4 Tips for Training Contingent Workforce
The modern economy is increasingly made up of gig workers. Many industries, such as retail and other labour-intensive service businesses are using increased amounts of temporary workers. This helps to smooth out spikes and drops in demand, and may keep the organisation itself more lean. However, temporary workers sometimes prove to be a headache for L&D professionals charged with figuring out how to transfer them the essential knowledge to do the job. Therefore, we put together a quick list of tips on training contingent workforce. Let’s check it out!
When training gig workers, time is of the essence
The first rule of training the contingent workforce is that everyone’s always short on time. If you employ temporary help, chances are that your permanent staff have got their hands full already. Furthermore, gig workers may often join a company for just a few weeks or months, which hardly gives them a lot of time to go through an extensive learning process.
Therefore, time is of the essence. Starting early helps. If your new temporary employees are able to access and complete e.g. their mandatory training (compliance, SOPs, safety, hygiene, etc. depending on your industry) beforehand, you’ll greatly reduce the time it takes them to get working. However, while it makes sense to go through the mandatory and perhaps regulatory programs beforehand, the actual learning for the job may be better done on-the-job.
Use on-the-job learning to build capability through practice
As we move onto more specific skills and work tasks, it stops making sense to try train everything beforehand. Too much training isolated from practice makes one an easy suspect to the forgetting curve. Being able practice things in an authentic environment greatly reinforces retention. It also helps to connect often abstract task and process descriptions to the real world.
Therefore, instead of trying to train everything beforehand, your strategy for training contingent workforce should perhaps leverage on on-the-job learning. Provide your gig workers with performance support resources, interactive manuals and how-to nuggets. In this kind of case, just-in-time learning makes much more sense than just-in-case.
Provide a support platform
However, for when those just-in-case situations occur, it’s good to have systems in place too. There’s a lot of unexpected situations that may arise in any given job that you can’t really account for in conventional training. But you can always be prepared regardless. For those rare moments of need, it’s good to have your support system ready.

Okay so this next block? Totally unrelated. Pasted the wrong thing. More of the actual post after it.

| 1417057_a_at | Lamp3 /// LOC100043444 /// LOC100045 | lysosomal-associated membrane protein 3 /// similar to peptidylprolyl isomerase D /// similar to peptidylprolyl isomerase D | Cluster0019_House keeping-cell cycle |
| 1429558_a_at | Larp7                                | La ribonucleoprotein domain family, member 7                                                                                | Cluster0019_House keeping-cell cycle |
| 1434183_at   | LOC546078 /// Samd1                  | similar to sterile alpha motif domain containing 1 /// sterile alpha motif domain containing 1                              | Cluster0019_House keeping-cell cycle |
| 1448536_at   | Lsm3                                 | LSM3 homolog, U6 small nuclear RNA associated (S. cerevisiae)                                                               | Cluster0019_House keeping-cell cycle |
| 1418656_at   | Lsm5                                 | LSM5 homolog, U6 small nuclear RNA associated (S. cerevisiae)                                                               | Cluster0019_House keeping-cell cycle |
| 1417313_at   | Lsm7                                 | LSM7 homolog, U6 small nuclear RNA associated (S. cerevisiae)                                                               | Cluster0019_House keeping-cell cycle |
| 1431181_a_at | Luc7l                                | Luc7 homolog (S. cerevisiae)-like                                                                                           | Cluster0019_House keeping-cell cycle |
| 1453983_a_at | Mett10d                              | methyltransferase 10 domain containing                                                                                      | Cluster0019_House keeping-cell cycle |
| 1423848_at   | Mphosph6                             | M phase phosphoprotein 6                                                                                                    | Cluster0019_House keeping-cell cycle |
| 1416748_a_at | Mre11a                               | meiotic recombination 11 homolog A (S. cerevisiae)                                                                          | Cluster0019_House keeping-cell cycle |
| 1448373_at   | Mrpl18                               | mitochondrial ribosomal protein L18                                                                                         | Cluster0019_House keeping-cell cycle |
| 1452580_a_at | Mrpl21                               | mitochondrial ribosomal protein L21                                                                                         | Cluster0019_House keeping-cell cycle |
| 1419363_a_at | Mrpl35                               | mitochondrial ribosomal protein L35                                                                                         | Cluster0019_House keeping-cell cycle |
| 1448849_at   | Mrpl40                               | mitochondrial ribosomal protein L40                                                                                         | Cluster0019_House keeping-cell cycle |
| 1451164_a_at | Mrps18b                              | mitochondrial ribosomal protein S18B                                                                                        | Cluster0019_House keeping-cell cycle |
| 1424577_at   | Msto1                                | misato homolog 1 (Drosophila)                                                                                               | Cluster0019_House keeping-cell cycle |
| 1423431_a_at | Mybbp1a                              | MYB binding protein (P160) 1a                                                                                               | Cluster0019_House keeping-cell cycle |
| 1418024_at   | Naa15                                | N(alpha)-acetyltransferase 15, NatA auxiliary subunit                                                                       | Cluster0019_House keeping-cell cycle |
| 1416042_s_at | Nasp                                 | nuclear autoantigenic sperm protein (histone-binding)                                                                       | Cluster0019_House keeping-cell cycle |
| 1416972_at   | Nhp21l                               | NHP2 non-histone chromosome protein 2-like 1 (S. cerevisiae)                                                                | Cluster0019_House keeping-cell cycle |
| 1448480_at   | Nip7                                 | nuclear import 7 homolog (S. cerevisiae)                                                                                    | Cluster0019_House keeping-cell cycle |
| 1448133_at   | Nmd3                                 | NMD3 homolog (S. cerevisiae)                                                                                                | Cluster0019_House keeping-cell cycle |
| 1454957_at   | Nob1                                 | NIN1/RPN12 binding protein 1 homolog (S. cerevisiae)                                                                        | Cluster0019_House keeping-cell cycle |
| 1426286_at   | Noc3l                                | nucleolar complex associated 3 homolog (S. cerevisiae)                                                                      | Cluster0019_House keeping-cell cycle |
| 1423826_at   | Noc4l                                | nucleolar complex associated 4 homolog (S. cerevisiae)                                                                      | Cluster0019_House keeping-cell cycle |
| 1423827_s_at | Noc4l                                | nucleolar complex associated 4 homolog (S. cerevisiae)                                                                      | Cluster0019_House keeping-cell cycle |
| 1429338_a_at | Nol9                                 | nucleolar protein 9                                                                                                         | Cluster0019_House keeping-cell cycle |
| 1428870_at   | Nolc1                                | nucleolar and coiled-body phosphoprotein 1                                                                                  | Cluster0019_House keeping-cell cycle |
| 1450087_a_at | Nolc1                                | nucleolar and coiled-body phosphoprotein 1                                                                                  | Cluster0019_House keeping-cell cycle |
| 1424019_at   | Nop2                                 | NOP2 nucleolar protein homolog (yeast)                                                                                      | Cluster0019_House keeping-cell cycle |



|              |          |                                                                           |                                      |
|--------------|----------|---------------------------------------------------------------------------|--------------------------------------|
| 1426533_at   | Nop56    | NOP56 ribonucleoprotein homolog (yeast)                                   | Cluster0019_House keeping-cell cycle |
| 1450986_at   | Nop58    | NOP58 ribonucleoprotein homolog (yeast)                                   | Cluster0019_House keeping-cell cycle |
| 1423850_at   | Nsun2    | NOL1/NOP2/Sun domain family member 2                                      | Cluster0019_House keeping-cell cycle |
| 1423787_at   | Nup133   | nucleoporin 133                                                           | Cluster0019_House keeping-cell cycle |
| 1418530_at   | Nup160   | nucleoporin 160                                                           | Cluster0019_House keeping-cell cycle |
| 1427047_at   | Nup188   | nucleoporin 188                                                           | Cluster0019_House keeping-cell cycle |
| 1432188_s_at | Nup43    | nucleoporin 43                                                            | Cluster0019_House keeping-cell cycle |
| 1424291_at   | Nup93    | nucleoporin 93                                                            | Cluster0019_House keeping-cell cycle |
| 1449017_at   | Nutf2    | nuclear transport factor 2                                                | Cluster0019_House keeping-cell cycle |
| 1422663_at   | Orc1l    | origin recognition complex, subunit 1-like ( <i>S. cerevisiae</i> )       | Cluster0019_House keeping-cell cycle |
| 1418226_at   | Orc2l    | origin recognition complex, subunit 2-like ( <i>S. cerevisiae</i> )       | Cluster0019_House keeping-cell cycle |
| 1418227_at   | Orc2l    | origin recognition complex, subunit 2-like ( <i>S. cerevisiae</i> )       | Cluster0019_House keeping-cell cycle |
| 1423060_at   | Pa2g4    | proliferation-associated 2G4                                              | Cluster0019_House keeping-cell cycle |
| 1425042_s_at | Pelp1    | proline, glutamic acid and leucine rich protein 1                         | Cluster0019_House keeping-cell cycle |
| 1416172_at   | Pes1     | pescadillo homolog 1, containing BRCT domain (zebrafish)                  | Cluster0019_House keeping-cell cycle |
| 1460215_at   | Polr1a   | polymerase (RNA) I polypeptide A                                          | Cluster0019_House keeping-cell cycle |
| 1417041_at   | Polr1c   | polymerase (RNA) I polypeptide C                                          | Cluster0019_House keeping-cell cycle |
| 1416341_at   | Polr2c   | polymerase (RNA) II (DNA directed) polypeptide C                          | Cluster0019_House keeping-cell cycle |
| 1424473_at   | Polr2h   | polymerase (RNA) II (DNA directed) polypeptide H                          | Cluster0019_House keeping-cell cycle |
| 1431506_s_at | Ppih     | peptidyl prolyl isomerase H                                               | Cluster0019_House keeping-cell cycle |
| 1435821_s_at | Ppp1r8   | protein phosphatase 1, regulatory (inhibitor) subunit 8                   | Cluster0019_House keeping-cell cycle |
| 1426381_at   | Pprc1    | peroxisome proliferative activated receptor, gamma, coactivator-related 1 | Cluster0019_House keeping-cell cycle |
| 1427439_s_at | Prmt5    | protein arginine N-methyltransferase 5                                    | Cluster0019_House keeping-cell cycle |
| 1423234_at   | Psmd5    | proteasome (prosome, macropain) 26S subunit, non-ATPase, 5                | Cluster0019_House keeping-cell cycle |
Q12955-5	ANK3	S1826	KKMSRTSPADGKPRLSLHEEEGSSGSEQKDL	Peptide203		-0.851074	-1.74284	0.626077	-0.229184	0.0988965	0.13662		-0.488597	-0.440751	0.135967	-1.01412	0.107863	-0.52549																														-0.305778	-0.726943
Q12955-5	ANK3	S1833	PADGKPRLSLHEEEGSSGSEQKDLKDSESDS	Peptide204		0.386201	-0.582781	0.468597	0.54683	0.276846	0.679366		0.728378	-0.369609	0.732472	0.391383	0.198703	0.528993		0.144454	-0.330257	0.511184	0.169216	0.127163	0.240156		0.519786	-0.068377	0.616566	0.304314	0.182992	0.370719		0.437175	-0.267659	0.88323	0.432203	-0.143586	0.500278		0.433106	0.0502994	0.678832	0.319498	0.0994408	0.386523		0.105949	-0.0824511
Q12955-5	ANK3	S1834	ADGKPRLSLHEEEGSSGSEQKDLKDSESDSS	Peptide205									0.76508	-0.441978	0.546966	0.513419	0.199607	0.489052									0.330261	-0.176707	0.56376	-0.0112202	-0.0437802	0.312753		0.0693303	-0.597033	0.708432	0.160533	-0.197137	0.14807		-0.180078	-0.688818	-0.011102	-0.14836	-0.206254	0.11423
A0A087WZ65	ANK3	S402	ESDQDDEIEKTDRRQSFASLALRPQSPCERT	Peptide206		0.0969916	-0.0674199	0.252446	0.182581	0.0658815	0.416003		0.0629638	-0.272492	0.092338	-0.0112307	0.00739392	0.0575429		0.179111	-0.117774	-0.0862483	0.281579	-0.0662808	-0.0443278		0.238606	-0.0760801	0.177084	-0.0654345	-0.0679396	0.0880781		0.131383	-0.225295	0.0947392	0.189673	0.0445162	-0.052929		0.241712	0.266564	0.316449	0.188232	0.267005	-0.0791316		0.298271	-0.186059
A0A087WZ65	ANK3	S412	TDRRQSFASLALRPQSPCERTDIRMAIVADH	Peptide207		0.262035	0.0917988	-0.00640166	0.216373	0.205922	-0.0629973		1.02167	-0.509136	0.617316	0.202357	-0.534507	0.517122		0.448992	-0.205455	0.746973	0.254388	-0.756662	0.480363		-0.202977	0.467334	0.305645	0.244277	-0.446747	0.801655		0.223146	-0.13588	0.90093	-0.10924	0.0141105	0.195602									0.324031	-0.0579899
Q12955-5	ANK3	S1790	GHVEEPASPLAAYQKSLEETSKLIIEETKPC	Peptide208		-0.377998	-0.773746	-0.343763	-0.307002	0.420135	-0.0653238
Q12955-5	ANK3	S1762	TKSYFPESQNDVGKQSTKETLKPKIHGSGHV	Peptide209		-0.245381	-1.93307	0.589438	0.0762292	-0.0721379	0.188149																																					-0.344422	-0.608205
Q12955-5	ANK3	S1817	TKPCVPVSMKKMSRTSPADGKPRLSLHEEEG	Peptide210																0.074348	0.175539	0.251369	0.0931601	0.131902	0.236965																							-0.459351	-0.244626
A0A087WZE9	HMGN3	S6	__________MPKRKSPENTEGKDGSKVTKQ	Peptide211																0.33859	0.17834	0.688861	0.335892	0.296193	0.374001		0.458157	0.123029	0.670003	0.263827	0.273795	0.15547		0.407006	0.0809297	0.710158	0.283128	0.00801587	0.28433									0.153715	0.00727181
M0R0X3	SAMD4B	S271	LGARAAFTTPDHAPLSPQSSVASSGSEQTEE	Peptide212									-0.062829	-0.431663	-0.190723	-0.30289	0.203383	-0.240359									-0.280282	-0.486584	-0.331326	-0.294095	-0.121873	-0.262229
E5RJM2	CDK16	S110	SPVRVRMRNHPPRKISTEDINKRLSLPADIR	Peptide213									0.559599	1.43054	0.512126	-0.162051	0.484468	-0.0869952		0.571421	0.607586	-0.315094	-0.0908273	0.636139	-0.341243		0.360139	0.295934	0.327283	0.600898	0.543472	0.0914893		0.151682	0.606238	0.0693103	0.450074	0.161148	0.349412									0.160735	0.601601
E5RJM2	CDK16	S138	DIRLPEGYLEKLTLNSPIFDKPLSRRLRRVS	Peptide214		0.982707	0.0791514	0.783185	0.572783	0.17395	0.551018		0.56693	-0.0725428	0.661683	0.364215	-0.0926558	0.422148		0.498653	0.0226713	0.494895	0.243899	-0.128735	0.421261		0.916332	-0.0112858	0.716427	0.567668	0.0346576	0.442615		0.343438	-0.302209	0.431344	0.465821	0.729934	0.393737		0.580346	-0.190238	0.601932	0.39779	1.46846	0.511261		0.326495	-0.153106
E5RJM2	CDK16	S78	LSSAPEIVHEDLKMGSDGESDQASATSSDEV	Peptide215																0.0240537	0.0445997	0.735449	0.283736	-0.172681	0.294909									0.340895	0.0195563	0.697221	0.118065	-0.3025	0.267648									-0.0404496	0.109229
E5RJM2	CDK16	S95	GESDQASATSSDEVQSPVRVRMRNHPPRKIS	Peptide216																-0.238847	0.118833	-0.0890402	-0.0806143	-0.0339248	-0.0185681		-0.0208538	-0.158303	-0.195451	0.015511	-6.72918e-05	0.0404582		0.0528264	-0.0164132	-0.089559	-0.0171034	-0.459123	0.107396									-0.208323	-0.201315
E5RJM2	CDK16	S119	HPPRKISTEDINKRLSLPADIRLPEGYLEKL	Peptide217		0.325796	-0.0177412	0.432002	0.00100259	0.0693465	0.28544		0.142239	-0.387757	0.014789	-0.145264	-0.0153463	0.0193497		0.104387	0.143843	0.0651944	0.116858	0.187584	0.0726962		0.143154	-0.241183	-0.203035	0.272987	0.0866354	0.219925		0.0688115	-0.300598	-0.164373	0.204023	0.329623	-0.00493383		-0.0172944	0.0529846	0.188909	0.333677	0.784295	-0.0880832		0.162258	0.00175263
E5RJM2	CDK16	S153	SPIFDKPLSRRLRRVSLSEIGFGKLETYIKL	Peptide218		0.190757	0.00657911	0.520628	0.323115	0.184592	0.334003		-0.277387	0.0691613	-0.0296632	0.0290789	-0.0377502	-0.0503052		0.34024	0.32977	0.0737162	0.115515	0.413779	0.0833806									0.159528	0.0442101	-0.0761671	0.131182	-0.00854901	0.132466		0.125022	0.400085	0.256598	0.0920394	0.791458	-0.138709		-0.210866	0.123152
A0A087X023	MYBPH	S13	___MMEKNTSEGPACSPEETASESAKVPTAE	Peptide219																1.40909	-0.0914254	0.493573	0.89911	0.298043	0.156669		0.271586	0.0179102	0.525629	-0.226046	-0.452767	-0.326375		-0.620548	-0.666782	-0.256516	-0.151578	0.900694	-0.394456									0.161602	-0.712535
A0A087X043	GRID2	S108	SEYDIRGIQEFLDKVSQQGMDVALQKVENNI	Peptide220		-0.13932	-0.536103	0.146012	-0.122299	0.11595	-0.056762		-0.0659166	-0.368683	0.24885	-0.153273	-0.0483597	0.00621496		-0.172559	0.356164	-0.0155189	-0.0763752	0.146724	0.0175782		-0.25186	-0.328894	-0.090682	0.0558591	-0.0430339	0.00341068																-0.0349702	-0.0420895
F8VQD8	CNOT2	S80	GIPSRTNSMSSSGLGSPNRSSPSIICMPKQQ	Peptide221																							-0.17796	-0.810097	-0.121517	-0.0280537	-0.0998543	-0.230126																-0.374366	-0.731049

When encountering problems they can’t solve based on their experience and training you’ve given them so far, gig workers could use that support system to help themselves. For instance, this might take the form of a Q&A bank, where staff can search for answers to uncommon situations. It may also be a helpline, or a support forum, or a live chat environment to another colleague. In its most analog form, it would be pointing out a person that the gig worker can go to with problems. Whatever the degree of sophistication, the idea is to provide a platform to take care of the needs that normal performance support or prior training can’t cover.
Remember to keep it inclusive
While inclusivity in learning was our main topic last week, it has relevance in this context as well. When training gig workers, there are a few inclusivity factors to consider.
First, you’ll want to make sure that the language and communication you use fits their level of experience and exposure. Temporary workers may not be familiar with all industry terms, and even less likely to understand your corporate lingo and cultural artefacts. Furthermore, when it comes to practical skills and experience, the basis for learning for temporary staff may be wildly different from that of your permanent employees. For instance, whereas your permanent staff may be formally educated in the industry, the temporary staff may not be. As such, it’s important to deliver information and learning in a way that takes into account their existing skill levels and potential lack of prior exposure to the industry or tasks at hand.
While the contingent workforce often presents a headache to learning organisations, it doesn’t need to. There’s a lot that organisations can do with relative ease to streamline the training and onboarding process of their gig workers. A good learning design process helps you to get clarity on the needs of the modern workers and provide a platform for success. If you think you need help in improving your design process, do drop us a note. We can help you design learning in a new way.